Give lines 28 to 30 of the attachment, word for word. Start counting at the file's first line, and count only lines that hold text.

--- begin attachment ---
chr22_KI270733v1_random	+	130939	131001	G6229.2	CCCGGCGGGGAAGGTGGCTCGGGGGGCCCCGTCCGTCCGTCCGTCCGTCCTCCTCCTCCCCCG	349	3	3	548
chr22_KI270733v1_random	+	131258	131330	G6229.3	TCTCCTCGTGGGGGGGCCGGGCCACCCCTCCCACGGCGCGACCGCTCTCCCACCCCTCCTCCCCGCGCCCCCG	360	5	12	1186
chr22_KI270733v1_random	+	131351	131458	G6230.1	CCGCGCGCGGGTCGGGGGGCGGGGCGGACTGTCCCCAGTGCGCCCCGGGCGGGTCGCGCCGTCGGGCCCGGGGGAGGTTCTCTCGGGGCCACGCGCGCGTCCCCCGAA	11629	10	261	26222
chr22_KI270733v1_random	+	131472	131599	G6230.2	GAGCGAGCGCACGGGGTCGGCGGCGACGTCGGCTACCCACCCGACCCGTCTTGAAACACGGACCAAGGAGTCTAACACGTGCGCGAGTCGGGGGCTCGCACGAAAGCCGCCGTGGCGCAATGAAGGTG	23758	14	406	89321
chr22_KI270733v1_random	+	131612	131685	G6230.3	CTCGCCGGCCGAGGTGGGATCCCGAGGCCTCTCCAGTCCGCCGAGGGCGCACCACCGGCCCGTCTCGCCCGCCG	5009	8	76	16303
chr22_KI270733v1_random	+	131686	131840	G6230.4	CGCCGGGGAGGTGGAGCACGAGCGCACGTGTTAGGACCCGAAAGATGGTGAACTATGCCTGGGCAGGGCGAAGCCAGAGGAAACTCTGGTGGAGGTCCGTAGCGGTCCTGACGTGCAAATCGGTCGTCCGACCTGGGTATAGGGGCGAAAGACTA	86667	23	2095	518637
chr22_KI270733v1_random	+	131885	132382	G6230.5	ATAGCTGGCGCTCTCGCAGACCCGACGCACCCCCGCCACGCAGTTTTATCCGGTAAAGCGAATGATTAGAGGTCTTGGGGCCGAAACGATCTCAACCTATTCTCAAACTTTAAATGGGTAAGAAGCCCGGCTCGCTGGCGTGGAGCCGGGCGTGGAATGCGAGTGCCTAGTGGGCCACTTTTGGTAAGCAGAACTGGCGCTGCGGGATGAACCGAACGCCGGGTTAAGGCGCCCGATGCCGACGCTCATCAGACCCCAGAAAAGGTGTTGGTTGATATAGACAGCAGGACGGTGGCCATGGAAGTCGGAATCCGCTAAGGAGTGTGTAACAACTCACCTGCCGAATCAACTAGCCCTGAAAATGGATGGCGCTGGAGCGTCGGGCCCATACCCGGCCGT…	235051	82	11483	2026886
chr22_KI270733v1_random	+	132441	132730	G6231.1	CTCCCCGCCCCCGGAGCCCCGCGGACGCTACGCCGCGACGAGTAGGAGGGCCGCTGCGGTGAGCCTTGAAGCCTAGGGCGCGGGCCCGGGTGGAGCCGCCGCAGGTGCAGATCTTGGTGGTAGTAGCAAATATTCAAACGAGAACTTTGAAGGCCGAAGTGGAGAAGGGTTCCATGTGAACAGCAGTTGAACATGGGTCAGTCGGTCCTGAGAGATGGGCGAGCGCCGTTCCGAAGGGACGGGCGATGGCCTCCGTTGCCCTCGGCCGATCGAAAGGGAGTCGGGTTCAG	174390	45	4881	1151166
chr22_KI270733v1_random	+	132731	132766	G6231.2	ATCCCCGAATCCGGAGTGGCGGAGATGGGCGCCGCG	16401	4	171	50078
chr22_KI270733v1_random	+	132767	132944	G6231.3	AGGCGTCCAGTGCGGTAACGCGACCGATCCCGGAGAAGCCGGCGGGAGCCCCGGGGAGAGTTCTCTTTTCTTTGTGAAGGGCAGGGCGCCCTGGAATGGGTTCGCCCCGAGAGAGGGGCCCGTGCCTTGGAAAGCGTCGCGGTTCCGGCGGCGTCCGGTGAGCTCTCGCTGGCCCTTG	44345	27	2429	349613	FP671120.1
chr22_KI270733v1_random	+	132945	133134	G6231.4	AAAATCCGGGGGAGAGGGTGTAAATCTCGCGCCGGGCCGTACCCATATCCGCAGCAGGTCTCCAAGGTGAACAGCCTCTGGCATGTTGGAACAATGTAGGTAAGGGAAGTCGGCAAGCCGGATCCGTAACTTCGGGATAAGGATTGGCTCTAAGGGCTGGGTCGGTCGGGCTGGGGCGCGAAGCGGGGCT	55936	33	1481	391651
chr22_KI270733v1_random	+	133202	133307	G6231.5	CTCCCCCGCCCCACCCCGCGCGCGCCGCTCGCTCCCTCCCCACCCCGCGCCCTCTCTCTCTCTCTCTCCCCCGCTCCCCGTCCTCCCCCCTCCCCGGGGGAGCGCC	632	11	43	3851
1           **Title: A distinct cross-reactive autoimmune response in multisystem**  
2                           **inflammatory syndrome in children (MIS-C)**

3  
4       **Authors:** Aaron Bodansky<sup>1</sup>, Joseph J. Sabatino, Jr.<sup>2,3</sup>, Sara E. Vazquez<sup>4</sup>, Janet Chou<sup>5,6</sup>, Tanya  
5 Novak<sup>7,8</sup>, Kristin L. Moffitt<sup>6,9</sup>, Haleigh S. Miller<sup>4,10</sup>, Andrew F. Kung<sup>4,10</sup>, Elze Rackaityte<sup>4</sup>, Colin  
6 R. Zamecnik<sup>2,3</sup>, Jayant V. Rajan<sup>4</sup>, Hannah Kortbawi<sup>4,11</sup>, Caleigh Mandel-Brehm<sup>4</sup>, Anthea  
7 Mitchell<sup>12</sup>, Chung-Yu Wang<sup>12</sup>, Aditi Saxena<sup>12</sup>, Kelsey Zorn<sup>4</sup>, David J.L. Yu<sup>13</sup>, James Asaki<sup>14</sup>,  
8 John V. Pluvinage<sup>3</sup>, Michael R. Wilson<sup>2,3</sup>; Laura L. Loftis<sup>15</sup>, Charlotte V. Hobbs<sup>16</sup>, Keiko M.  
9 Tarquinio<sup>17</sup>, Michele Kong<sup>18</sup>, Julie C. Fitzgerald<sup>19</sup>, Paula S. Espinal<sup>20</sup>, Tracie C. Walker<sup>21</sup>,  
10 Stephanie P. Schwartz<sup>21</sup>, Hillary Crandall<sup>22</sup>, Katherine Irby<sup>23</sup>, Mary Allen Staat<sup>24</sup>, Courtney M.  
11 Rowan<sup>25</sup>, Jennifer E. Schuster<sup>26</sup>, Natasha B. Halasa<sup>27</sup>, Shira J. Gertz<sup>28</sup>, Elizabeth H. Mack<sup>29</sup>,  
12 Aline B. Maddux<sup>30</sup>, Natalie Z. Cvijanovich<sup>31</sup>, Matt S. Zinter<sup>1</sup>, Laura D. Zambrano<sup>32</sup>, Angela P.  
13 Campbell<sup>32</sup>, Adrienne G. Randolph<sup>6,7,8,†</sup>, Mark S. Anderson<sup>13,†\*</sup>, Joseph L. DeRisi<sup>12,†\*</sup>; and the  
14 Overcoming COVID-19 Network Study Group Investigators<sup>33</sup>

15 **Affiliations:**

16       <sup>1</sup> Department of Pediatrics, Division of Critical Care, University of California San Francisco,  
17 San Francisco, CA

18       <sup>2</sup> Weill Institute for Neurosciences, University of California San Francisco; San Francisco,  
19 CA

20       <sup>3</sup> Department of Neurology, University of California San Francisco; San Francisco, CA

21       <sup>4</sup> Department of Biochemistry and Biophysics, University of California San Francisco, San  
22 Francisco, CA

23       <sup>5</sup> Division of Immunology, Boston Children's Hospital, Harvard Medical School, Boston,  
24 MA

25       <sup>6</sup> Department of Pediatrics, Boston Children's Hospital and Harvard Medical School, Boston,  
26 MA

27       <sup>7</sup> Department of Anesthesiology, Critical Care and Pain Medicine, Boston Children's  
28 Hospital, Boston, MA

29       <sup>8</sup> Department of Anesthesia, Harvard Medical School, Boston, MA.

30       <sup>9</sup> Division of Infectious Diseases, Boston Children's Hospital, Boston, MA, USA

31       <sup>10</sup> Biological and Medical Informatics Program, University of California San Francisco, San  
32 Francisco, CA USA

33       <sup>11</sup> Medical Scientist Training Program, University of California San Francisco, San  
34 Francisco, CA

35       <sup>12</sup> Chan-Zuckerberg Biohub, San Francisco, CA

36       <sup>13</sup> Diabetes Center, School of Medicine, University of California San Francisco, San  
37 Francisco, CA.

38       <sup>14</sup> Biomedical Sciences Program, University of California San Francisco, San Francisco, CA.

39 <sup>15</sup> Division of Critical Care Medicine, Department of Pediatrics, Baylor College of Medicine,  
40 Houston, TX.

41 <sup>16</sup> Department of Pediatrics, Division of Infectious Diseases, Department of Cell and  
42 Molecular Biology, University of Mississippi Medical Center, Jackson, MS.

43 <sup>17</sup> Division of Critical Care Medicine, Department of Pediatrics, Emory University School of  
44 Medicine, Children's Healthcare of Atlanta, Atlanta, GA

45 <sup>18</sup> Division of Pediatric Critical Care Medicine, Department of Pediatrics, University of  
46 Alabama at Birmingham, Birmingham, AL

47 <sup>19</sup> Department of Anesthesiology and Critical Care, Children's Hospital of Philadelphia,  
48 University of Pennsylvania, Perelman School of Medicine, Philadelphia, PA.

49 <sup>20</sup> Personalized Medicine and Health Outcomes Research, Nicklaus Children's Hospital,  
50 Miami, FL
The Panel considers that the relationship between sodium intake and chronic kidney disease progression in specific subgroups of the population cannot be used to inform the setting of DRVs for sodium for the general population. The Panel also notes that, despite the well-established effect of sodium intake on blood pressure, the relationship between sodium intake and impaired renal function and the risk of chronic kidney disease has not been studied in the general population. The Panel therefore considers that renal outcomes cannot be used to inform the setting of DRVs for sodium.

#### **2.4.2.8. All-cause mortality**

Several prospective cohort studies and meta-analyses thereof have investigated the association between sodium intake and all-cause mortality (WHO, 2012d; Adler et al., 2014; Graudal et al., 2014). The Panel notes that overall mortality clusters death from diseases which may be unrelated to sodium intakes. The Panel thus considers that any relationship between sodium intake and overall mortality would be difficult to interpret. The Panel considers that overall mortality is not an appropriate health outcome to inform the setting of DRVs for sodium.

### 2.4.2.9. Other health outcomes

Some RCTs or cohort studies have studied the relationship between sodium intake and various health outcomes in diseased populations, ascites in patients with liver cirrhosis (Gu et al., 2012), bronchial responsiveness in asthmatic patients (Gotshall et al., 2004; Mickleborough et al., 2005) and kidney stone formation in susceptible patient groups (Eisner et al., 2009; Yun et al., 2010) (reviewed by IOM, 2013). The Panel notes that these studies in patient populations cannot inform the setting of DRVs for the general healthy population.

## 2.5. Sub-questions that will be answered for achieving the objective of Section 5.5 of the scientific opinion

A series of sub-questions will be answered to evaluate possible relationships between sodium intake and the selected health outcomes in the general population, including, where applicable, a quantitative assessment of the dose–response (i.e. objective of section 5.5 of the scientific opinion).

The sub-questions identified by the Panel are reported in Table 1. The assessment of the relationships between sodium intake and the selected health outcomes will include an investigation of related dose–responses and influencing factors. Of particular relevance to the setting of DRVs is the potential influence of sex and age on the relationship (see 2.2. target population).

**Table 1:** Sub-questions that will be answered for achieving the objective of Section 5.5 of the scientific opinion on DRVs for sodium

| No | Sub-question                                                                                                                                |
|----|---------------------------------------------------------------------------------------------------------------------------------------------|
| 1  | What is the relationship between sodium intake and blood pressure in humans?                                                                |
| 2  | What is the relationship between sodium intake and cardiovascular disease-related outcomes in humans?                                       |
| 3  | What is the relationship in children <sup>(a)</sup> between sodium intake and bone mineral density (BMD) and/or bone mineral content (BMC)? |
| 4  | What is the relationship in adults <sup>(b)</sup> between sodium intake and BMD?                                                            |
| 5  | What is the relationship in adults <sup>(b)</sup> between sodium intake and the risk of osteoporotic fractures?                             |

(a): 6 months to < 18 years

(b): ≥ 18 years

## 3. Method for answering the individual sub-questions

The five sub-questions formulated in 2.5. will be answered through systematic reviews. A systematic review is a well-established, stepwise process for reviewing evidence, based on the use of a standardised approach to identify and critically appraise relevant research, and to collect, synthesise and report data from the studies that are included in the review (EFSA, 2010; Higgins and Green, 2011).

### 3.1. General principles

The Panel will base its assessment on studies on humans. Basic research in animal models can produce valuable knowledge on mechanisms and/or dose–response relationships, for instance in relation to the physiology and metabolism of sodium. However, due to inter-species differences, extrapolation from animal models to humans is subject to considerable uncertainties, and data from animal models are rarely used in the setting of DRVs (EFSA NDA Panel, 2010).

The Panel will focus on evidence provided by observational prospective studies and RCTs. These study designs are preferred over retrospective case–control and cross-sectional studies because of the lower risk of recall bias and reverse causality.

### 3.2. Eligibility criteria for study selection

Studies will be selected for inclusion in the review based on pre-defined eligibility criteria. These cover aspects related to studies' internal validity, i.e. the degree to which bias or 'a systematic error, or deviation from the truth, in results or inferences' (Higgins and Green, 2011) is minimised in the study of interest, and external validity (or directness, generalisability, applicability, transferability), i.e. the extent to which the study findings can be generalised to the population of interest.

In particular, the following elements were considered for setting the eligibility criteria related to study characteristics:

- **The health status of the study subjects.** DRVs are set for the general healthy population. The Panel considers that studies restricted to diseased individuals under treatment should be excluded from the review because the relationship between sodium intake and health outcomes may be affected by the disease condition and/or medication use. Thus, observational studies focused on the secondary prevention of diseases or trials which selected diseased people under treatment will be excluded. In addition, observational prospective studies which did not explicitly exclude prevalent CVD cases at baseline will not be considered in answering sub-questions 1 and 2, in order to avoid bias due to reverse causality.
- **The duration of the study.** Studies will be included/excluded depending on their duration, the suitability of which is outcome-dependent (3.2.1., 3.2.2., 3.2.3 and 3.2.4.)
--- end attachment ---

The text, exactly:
16       <sup>1</sup> Department of Pediatrics, Division of Critical Care, University of California San Francisco,  
17 San Francisco, CA

18       <sup>2</sup> Weill Institute for Neurosciences, University of California San Francisco; San Francisco,  